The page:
Yellow-footed antechinus, mardo

Order Marsupialia, Family Dasyuridae.

Description A marsupial the size of a large mouse with pointed muzzle; short-haired, moderately long tail; short, broad feet of buff to yellow-brown color. Fur on back and sides red-brown, with gray hairs on head. Head and body length about 10-13 cm (4-5.2 in); weight about 30 g (1 oz).

Distribution Eastern, southeastern, and southwestern Australia.

Habitat Rain forest, eucalypt forests, and woodlands.

Behavior These semi-arboreal, primitive little marsupials live in hollow trees, fallen logs, and rock crevices, and particularly favor sandstone caves. Active at night, the antechinus feeds upon insects and small vertebrates. It is a common form throughout most of its range, though rarely seen, and is preyed upon by owls, snakes, and the larger carnivorous members of its own family. During the breeding season the antechinus builds an intricately woven nest of eucalypt leaves. Annual mating occurs in the winter, July-September, with a gestation period of 23-27 days, after which 10-12 minute young are born and attach themselves to the mother's teats. There is no pouch in this species, but the area around the teats is surrounded by a slightly raised edge. Among the 12 species of Antechinus related to A. flavipes, the pouch may be completely absent, partially or well developed.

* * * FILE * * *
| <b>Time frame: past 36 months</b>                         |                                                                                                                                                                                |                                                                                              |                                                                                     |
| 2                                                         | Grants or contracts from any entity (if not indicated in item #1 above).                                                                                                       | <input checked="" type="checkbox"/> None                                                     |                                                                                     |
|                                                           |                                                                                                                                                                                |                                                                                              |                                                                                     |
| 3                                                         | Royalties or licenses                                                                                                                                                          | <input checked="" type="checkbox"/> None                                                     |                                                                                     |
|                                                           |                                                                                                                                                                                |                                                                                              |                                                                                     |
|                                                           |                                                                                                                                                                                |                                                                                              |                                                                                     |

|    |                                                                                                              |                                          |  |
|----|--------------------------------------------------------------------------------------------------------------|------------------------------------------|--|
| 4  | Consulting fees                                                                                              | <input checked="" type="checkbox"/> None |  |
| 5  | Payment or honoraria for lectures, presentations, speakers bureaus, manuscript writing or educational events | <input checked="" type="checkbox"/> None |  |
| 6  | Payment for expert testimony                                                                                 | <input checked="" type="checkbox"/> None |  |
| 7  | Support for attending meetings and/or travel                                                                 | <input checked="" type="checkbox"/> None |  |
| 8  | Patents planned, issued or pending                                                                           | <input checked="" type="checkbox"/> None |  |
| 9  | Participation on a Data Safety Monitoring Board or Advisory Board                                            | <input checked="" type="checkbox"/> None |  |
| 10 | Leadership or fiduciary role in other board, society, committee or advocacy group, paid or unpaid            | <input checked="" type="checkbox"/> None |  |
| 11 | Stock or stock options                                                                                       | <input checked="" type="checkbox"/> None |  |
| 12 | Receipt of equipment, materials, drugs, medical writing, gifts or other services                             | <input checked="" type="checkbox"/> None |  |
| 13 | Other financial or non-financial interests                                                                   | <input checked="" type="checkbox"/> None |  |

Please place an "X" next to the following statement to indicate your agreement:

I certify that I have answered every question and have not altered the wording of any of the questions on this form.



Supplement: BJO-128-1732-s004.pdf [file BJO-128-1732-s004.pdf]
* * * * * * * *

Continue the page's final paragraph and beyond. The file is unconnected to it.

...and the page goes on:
Copyright © 1982 by Arnoldo Mondadori Editors S.p.A., Milan